March 21, 2024

Hachette v Internet Archive: The Case Marches On

In June 2020, four major publishers sued the Internet Archive for lending digital books online (as we have covered multiple times). The Archive maintains (and we agree) that using Controlled Digital Lending to lend PDF scans of books is both legal under fair use and an important part of continuing the library mission in the 21st century. Judge John Koeltl ruled in favor of the publishers in the case Hachette v. Internet Archive last year, and it is now being heard again on appeal (with some seriously faulty reasoning at play). The publishers filed a reply brief in the case last week.

While it may feel exhausting for many practitioners to continue to follow this case, particularly as Controlled Digital Lending thrives in the library community through national standards and new government funded projects, we want to make it clear: if Hachette wins in the second circuit, libraries can expect to face a variety of consequences for providing access to digital books outside of the expensive, surveilled, licensed platforms that publishers control.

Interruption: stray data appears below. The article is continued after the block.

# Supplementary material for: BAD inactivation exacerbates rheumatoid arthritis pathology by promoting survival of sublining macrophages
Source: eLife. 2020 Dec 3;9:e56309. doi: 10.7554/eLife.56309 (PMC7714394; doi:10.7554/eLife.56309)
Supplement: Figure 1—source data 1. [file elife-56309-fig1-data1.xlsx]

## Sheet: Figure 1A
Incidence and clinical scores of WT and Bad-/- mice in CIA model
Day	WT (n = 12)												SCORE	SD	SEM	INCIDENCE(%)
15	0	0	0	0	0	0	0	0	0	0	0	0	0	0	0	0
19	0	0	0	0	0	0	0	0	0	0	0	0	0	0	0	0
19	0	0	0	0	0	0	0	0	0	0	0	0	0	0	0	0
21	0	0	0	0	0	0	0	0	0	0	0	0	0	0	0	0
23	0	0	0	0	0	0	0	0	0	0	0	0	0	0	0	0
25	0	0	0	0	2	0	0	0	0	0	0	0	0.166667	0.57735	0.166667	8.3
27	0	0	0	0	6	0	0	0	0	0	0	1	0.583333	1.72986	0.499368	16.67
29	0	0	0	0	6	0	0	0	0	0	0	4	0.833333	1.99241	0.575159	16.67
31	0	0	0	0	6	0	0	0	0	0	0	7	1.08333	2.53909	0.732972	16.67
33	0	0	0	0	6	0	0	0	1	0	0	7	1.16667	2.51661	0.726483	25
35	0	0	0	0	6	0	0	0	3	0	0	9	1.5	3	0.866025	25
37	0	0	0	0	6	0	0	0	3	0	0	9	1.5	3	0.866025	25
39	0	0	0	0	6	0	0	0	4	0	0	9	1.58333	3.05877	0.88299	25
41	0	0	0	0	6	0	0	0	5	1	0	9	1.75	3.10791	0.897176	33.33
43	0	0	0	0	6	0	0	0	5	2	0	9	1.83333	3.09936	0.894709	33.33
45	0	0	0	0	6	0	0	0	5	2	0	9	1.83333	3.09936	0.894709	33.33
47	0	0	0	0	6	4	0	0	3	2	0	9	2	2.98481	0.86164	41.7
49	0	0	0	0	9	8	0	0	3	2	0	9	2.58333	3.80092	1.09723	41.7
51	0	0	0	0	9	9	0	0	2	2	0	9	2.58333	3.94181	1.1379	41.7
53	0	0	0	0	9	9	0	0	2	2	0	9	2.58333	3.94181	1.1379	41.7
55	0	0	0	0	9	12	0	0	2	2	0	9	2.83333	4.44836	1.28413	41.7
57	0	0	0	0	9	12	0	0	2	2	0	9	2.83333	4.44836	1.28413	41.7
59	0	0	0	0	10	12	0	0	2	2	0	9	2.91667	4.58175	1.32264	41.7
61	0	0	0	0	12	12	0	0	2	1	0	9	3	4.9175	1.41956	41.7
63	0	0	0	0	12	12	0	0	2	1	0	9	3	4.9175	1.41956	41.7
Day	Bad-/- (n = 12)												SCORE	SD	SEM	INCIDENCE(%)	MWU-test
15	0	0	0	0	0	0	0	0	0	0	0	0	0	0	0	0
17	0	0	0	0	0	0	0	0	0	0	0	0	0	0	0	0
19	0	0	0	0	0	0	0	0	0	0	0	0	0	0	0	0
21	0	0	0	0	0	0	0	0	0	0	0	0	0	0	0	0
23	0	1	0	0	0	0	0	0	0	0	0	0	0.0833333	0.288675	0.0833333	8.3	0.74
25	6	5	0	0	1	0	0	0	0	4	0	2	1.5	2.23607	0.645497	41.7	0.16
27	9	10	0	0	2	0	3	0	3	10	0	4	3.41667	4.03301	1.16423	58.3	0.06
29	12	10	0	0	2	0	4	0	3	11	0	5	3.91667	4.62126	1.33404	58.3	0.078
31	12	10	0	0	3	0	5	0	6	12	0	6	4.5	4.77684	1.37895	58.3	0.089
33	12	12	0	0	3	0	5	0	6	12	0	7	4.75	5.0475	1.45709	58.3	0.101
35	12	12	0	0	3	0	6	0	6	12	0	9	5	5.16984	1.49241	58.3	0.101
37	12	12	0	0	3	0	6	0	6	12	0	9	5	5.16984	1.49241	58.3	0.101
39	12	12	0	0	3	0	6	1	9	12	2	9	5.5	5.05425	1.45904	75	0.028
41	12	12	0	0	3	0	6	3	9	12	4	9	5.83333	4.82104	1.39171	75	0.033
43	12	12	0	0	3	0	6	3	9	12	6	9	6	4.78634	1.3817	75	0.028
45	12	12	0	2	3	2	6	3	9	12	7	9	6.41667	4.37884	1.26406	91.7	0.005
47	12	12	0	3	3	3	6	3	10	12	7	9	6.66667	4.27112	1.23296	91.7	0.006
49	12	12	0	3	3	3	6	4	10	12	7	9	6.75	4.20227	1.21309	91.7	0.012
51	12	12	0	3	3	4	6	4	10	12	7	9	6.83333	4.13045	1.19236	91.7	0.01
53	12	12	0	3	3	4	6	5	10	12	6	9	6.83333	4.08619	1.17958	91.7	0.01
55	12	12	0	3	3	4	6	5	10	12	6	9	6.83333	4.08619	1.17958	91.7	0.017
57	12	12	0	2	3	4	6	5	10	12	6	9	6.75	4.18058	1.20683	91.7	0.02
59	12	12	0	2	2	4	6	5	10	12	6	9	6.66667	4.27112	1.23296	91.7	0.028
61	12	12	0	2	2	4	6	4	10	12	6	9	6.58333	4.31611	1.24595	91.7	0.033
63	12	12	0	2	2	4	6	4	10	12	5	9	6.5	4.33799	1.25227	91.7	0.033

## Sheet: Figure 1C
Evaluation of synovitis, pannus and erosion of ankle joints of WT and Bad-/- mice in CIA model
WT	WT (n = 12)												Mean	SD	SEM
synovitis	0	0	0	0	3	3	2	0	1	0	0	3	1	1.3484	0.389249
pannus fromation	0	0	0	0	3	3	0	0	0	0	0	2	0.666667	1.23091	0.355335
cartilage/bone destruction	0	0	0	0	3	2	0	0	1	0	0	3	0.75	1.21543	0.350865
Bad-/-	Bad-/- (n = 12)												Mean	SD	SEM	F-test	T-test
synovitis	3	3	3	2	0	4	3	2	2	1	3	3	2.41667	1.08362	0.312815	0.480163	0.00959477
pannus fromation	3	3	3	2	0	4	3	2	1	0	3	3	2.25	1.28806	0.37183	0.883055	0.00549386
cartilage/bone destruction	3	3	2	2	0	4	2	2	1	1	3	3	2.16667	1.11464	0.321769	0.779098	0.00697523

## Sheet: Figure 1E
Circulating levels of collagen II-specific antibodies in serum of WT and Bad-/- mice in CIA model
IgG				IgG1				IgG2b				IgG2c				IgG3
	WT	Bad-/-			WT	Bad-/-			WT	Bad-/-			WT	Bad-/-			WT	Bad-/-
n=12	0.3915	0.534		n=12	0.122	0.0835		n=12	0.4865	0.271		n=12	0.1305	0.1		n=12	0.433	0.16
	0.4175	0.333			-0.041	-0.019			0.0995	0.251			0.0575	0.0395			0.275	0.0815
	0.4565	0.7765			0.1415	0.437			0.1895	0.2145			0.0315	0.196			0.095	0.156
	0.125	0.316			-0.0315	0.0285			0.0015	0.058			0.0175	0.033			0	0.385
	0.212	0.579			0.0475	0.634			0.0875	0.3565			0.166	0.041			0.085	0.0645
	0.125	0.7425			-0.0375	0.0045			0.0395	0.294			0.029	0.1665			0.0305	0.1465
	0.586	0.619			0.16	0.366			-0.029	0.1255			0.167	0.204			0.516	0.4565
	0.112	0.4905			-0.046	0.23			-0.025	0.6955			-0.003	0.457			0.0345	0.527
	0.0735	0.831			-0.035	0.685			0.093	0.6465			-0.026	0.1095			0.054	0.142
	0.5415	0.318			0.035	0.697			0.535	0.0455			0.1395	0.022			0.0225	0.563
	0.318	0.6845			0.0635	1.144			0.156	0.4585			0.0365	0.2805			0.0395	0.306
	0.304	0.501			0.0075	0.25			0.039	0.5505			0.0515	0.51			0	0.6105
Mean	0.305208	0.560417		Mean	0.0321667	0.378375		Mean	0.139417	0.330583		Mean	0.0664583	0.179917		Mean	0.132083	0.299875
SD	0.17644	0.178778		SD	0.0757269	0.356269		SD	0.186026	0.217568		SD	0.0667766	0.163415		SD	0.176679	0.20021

We frequently hear from libraries that are concerned about lending or digitizing materials and from patrons unable to access the materials they need. The 2020 legal challenge to Controlled Digital Lending in Hachette v Internet Archive created a chilling effect for institutions, and even though CDL is perfectly legal within a fair use framework, the fear of litigation in the library community is real. If the publishers win this case, libraries should expect pressure from vendors to stop their digitization projects. They should expect increased restrictions on fair use in contracts. They should expect fewer selections and more restrictions on digital lending platforms, proprietary DRM, and more restrictive licenses.

The “thriving ebook market” the publishers tout cannot and should not be the licensed ebooks rented to libraries by corporate landlords intent on extracting every penny from the public. Protecting digital lending means supporting innovative lending practices and celebrating the many ways that libraries, including the Archive, provide access to books to support an educated citizenry.

We are building a world where authors write books, publishers publish them, and libraries buy them, preserve them, and lend them as if they are owned in whatever format they see fit – just as they have always done.

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